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In the below program the output is "Not same" although a and b have the same value? I googled it and found that the value of the a and b is converted to int.And new value of a is -5 and that of b is 251.I am not getting how they are becoming so different after typecasting? a in binary is 11111011 and b is 11111011 so when they are typecasted into int a should become -53, how it is -5 .Please explain?

int main(){
char a = 0xfb;
unsigned char b = 0xfb;

printf("a = %c", a);
printf("\nb = %c", b);

if (a == b)
 printf("\nNot Same");   
 return 0;
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Where do you get 11111011 = 117? It is 128+64+32+16+8+2+1 = 251. –  Jiminion Jun 30 '14 at 14:50
my mistake thank you for pointing out. –  RAX Jun 30 '14 at 15:07

2 Answers 2

No, the problem is not that they are converted to int the problem is most probably your line

char a = 0xfb;

On your system char is probably a signed data type, but 0xfb is an unsigned value that doesn't fit into the range of the target type. So it is converted in an implementation defined manner, usually to a negative number. And so a and b definitively don't have the same value.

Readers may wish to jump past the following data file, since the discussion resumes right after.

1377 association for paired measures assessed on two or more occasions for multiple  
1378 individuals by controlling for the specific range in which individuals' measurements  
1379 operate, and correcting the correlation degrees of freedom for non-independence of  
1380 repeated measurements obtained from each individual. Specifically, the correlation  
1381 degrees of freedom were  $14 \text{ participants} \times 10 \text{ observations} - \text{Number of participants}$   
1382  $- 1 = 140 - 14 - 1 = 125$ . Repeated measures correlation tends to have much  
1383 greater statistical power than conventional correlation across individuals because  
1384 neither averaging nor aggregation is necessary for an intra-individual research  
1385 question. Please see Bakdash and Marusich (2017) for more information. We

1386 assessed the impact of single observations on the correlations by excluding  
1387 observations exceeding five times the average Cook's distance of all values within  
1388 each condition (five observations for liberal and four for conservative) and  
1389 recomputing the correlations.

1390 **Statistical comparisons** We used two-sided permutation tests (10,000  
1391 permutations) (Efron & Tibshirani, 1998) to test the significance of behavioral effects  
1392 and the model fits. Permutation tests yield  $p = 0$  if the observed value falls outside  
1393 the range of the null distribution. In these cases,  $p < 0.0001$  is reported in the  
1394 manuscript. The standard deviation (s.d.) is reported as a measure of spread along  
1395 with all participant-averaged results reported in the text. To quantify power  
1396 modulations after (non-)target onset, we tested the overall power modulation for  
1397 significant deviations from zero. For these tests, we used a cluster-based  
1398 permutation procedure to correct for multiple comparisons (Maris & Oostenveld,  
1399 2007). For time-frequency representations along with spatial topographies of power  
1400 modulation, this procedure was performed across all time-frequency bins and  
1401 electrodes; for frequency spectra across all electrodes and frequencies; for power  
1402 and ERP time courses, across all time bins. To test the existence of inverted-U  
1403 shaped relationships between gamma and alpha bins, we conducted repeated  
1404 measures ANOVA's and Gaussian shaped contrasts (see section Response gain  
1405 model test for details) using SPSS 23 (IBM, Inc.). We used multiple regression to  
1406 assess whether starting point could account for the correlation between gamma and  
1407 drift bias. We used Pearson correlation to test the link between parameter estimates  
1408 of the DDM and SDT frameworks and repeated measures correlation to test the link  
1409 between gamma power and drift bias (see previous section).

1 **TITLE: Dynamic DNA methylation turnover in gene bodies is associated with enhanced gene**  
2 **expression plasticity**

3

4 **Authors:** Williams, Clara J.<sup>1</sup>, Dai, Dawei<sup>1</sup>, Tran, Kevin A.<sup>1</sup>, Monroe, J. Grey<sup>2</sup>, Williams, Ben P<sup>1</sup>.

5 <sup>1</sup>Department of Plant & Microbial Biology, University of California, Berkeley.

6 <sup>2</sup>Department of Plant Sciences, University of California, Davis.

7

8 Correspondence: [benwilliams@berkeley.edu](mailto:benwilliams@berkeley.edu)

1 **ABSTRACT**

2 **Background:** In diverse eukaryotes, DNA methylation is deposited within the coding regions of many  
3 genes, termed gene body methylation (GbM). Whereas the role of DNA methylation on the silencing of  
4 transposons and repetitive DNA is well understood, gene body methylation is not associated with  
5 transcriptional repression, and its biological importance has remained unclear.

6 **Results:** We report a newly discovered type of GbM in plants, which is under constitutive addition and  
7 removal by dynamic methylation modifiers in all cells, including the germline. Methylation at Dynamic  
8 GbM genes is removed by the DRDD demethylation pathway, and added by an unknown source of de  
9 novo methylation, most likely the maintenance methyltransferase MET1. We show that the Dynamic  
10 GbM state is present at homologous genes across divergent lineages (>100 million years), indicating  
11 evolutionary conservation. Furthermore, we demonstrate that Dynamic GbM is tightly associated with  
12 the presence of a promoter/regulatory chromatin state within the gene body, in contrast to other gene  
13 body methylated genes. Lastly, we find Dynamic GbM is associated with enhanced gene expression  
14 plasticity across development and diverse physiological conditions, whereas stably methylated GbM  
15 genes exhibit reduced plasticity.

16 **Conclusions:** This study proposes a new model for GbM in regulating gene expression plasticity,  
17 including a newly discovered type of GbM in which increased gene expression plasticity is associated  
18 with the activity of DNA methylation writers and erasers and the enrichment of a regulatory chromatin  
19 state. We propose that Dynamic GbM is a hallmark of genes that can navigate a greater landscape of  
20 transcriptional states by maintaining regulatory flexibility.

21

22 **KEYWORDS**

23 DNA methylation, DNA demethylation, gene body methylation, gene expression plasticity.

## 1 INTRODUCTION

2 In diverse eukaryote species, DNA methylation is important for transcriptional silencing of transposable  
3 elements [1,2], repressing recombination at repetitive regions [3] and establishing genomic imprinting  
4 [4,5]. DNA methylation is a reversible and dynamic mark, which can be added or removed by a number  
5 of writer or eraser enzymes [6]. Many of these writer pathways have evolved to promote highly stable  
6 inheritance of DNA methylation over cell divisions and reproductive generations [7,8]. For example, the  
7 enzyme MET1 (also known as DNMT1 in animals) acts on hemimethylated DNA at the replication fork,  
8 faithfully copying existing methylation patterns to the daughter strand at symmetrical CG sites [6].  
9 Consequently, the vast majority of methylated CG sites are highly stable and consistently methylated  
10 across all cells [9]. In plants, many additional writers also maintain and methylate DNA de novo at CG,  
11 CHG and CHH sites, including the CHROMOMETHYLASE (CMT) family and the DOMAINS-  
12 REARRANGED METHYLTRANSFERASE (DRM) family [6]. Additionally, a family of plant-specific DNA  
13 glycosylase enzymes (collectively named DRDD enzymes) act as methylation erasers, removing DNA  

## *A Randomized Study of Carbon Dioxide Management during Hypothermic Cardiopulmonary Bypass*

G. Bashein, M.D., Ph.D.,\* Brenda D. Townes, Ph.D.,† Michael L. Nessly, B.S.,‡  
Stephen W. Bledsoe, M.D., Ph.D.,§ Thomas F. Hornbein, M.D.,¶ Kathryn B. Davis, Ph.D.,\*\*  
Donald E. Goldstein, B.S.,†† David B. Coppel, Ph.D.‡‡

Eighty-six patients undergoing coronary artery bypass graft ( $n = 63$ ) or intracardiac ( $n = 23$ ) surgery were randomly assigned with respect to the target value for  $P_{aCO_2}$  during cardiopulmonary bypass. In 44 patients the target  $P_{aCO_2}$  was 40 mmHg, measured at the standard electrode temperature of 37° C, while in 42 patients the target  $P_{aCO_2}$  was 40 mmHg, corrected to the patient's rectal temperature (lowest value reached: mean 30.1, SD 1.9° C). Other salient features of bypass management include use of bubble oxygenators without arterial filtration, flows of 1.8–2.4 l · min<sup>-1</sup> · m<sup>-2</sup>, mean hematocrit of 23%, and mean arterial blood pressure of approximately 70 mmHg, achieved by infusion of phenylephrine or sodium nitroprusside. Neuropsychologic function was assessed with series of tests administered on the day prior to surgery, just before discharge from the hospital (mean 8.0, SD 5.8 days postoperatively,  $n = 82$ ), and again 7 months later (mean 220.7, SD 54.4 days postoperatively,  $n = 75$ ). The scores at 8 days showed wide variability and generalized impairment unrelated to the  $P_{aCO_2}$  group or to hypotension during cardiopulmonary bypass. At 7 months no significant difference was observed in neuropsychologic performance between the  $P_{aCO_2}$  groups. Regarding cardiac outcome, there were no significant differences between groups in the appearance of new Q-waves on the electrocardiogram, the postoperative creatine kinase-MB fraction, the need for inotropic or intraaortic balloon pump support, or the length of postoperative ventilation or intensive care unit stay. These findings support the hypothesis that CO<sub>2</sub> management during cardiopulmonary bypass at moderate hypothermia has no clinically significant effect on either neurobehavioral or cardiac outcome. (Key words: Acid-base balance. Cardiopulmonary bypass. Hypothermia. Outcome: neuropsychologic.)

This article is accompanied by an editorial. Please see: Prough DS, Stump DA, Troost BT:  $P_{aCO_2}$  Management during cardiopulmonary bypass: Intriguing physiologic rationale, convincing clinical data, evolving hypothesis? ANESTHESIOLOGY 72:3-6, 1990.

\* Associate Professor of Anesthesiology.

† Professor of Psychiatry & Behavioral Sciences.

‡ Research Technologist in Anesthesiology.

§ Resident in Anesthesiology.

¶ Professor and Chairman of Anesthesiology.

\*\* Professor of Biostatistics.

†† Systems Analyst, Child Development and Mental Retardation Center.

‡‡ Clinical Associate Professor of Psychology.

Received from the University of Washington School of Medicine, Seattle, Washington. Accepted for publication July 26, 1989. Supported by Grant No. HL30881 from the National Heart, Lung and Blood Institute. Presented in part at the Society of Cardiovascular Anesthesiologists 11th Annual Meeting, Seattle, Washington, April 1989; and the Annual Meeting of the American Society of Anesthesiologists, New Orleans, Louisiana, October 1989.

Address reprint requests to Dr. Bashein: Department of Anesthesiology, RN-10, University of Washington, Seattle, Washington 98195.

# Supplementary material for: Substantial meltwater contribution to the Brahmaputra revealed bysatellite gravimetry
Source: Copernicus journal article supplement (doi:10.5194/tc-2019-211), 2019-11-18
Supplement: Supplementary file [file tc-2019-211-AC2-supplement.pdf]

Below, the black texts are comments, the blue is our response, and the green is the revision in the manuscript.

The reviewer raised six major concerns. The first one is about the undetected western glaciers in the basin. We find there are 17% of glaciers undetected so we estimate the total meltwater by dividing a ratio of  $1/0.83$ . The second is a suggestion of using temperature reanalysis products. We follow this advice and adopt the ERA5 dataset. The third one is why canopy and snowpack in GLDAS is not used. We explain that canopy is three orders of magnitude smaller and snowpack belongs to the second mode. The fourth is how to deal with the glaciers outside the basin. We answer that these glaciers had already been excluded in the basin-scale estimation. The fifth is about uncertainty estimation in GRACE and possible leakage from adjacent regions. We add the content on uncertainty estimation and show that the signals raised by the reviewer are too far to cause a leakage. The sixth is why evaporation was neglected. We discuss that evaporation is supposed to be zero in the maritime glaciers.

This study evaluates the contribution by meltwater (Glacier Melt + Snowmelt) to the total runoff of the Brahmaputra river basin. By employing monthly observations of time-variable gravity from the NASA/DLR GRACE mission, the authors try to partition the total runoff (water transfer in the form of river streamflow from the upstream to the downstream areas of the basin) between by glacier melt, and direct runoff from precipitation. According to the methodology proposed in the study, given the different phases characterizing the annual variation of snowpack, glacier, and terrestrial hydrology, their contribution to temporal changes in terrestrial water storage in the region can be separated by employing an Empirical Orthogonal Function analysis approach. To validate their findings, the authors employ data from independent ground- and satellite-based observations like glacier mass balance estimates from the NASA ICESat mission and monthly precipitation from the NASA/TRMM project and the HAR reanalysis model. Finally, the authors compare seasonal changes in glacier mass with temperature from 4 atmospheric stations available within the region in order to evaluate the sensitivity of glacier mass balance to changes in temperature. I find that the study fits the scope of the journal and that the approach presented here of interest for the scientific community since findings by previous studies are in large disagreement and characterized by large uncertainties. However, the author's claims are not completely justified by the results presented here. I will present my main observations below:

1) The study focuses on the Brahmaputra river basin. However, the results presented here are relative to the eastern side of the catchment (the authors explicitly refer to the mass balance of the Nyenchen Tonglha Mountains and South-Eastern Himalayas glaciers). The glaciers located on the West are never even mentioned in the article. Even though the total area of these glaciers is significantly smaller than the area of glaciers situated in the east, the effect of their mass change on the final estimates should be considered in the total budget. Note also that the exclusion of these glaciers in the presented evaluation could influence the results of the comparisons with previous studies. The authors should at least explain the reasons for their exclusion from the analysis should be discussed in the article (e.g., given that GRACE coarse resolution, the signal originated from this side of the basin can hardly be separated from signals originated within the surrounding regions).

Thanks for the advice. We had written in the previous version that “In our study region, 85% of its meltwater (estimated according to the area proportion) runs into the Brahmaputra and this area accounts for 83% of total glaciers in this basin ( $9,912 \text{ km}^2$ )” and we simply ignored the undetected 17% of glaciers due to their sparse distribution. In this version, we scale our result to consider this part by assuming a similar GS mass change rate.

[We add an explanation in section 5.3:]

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For gcc the default for char is signed. (Prob. so EOFs can be grabbed...) –  Jiminion Jun 30 '14 at 15:24
Same for Visual Studio. –  Jiminion Jun 30 '14 at 15:34
@Jim How does a signed char enable that "EOFs can be grabbed"? –  chux Jun 30 '14 at 17:15
If (for example) you have a getc returning to an unsigned char (instead of a char) then an EOF (-1) is converted to a positive number and may then not be detected. –  Jiminion Jun 30 '14 at 17:32
@Jim getc() always, per the C spec., returns an int in the unsigned char range or EOF without any regard to char being signed or unsigned. Assigning the result of getc() directly to a char (signed or unsigned) does lose the ability to differentiate between EOF and some char. Robust code assigns the results of getc() to an int exactly for this purpose. –  chux Jun 30 '14 at 17:46

The char a has a value range of -128 to +127. The unsigned char b has a range from 0 to 255. The same bit values (11111011) mean different things because one is signed and the other is unsigned.

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Note: a char could have a range that is the same as unsigned char. Best to think of char of having the the same range as either unsigned char or signed char, and not -128 to 127. –  chux Jun 30 '14 at 17:10
Most all chars (gcc and Visual Studio) default to signed. –  Jiminion Jun 30 '14 at 17:29

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